Configuring TLS / SSL

Last updated: 2024-01-31Contributors
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A properly secured webhook is needed in to receive RingCentral webhook events with production data. Once TLS is configured, you can create your production environment webhook.

This guide provides some quick information on how to configure TLS / SSL on a webserver and includes the following ssections:

  1. Creating a Key Pair and Requesting a TLS / SSL Server Certificate
  2. Installing the certificate in a server

This tutorial will use Let's Encrypt for certificates. Other Certificate Authorities will have their own ways to process Certificate Signing Requests (CSRs) and return Certificates, such as using PKCS #10 CSRs.

Creating a Key Pair and Requesting a TLS / SSL Server Certificate

When using Let's Encrypt, there are a number of ways to create a certificate and key pair which can be done with any ACME protocol compliant client.

Terminology: The key pair is the asymmetric cryptographic security devices used in the TLS protocol, consisting of a private key and a public key. The certificate is a cryptographically signed document by a Certificate Authority that attests to the ownership of the private key.

Many AMCE clients make the job of retrieving and renewing certificates painless. For this tutorial we will show the manual approach using the popular EFF Certbot client since it is the mostly broadly applicable. We will follow this by showing an automated approach to demonstrate how easy this can be.

Manual Approach

To create a key pair and certificate manually, there are 3 steps:

1) Create the key pair and request the certificate

The following command will promopt you to create a file on a server you control.

$ certbot certonly --manual --preferred-challenges http -d {}

2) Add a challenge file to the server

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Create a file containing just this data:


And make it available on your web server at this URL:

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After you create that file, certbot will create two files:

 - Congratulations! Your certificate and chain have been saved at:
   Your key file has been saved at:

3) Install the certificates

Use the following configurations to install your key and certificate in your webserver. For Let's Encrypt, you will receive two certificates, one for your server and another for the Let's Encrypt Intermediatee CA. Both of these need to be provided by your server.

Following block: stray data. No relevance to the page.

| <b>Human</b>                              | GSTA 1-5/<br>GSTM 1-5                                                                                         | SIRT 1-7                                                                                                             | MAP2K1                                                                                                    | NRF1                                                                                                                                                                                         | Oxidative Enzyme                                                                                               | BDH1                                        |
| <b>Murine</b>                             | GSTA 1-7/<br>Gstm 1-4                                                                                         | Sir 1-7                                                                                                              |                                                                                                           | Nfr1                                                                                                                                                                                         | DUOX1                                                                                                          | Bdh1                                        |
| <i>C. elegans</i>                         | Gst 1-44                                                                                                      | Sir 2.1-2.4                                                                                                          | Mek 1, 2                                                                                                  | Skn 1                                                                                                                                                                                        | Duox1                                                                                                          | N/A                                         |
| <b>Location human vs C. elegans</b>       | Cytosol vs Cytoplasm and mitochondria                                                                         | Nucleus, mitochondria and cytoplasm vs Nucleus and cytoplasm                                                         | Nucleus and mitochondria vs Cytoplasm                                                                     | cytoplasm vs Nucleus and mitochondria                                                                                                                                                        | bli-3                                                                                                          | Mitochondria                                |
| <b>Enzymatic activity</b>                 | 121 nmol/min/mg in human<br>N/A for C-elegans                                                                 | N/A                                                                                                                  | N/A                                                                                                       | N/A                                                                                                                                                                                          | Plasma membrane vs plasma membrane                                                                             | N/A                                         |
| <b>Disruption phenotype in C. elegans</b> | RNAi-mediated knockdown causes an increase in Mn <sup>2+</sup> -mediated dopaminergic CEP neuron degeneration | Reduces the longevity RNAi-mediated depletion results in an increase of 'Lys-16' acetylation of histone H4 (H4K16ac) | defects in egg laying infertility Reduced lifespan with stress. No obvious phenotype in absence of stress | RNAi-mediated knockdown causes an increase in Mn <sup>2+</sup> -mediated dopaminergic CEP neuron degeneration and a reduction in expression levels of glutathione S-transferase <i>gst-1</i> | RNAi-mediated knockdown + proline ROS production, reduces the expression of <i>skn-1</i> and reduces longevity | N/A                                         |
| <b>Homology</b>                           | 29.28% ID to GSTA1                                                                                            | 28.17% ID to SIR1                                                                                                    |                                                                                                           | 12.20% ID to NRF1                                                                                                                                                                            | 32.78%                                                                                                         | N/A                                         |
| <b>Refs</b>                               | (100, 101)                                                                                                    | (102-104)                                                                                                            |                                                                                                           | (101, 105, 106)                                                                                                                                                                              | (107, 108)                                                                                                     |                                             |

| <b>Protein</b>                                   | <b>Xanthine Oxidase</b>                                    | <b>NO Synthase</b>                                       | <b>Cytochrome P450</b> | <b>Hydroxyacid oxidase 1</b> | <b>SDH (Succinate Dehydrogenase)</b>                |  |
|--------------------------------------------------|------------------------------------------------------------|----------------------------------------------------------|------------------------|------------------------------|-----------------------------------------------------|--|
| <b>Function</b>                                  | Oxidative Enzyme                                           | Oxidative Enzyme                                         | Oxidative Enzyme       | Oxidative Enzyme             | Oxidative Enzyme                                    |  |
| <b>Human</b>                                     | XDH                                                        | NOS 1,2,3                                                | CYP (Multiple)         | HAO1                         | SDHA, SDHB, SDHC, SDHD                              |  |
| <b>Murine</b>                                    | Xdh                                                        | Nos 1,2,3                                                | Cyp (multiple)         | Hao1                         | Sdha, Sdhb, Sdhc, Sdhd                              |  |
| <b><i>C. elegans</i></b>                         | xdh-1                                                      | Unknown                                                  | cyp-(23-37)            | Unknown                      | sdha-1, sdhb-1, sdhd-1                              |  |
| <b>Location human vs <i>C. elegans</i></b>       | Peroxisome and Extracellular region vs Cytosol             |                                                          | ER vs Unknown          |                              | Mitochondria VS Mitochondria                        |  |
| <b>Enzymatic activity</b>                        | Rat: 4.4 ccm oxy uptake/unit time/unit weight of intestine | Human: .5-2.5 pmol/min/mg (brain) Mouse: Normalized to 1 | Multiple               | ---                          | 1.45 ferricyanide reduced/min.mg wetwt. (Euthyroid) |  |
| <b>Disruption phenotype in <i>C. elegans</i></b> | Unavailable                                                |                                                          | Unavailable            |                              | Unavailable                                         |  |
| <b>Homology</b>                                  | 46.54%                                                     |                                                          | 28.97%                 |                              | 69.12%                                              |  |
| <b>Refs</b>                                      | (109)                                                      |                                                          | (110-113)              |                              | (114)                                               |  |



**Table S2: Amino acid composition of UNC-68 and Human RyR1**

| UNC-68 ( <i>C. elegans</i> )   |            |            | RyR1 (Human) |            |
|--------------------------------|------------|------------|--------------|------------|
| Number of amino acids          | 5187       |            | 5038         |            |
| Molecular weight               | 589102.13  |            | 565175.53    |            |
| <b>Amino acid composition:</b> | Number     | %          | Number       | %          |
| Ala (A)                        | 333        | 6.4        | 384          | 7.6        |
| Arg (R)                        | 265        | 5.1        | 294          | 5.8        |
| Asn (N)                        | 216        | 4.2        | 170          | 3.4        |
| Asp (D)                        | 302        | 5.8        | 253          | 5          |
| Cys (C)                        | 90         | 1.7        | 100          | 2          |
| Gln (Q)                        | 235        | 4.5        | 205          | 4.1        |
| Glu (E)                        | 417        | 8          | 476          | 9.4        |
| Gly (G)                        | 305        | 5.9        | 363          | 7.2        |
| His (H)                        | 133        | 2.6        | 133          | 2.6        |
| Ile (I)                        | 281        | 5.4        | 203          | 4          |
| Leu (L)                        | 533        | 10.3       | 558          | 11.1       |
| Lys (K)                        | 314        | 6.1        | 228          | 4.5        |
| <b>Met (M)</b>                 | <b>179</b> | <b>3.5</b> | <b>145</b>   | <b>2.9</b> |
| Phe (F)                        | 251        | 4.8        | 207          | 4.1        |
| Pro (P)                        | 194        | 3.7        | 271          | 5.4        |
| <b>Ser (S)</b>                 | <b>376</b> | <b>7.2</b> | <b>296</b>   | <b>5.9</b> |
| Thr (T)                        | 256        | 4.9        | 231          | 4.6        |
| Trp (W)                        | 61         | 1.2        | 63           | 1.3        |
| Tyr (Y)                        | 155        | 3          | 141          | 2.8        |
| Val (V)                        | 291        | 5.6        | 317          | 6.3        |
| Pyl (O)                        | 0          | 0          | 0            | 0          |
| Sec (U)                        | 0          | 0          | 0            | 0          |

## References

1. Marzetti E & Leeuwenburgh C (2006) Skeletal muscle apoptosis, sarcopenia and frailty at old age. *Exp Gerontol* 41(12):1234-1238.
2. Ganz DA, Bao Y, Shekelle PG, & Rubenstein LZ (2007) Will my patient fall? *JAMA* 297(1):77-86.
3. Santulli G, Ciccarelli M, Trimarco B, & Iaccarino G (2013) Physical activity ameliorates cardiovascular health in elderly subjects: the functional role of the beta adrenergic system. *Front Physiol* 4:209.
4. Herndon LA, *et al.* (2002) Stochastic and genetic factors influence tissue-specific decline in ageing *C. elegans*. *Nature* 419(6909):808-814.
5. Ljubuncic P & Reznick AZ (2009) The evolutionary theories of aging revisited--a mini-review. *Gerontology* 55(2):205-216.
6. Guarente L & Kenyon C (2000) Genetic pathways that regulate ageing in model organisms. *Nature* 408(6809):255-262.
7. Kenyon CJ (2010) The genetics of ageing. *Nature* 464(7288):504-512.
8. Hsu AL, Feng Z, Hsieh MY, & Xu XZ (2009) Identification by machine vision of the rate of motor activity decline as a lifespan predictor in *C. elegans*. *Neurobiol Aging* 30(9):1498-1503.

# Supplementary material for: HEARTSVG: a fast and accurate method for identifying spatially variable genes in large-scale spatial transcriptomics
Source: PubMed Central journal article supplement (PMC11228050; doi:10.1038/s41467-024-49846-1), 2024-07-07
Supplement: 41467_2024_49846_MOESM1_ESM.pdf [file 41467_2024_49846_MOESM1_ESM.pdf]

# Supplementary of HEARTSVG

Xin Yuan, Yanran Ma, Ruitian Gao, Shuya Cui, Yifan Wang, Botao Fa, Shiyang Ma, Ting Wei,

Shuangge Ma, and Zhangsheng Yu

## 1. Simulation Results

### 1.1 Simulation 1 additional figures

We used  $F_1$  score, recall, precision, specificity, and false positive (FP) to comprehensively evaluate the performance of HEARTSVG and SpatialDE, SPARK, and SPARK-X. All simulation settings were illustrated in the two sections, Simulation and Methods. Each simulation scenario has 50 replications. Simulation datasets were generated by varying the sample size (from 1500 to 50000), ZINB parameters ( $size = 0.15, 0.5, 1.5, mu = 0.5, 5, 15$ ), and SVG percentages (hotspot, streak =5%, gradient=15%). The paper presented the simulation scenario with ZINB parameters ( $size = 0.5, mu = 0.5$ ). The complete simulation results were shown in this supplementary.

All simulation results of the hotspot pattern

SSLEngine on
SSLProtocol -all +TLSv1.2 +TLSv1.3
SSLCertificateFile /etc/letsencrypt/live/
SSLCertificateKeyFile /etc/letsencrypt/live/
  • Note: In Apache 2.4.8 and above, Apache will handle both the server certificate and the intermedidiate CA certificate(s) in the SSLCertificateFile directive. Below 2.4.8, a separate directive is needed for the intermediate CA, the SSLCertificateChainFile directive. Other web servers may have similar requirements.

Automatic Approach

With Let's Encrypt, there are also ways to fully automate the process for certificate management.

For example, CertMagic for Go implements the AMCE Protocol and handles the entire process requesting, loading, and renewing certificates transparently. You just need to start your HTTPS server using it with a single line.

import ""

// Replace the following:
// http.ListenAndServe(":80", mux)

// with encrypted HTTPS with HTTP->HTTPS redirects 🔒😍
certmagic.HTTPS([]string{""}, mux)

Checking Certificate Status

Your certificate must be valid according to your Certificate Authority. The Online Certificate Status Protocol (OCSP) (IETF RFC-6960) is used for checking certificate validity. There are a variety of ways to check status based on implementations of this protocol.

An easy manual way to check is to use the following web page where you can paste a PEM-encoded certificate.

An easy manual way to get a server's PEM encoded certificate is to use the Firefox browser's cert viewer'ss linkss for downloading the PEM certificate and chain.


SUB-524: HTTPS certificate is not valid

Of note, it is important that your server send the Intermediate CA certificates. If your server has a valid Server Certificate but doesn't send the required Intermediate CA certificates, the RingCentral service will not be able to follow the chain to a valid Root CA certificate. If intermediate certificates are missing, you will receive a Status 400 Error Code SUB-524 response like the following.

HTTP/1.1 400 Bad Request
Content-Type: application/json;charset=utf-8

  "message":"HTTPS certificate is not valid",
      "message":"HTTPS certificate is not valid"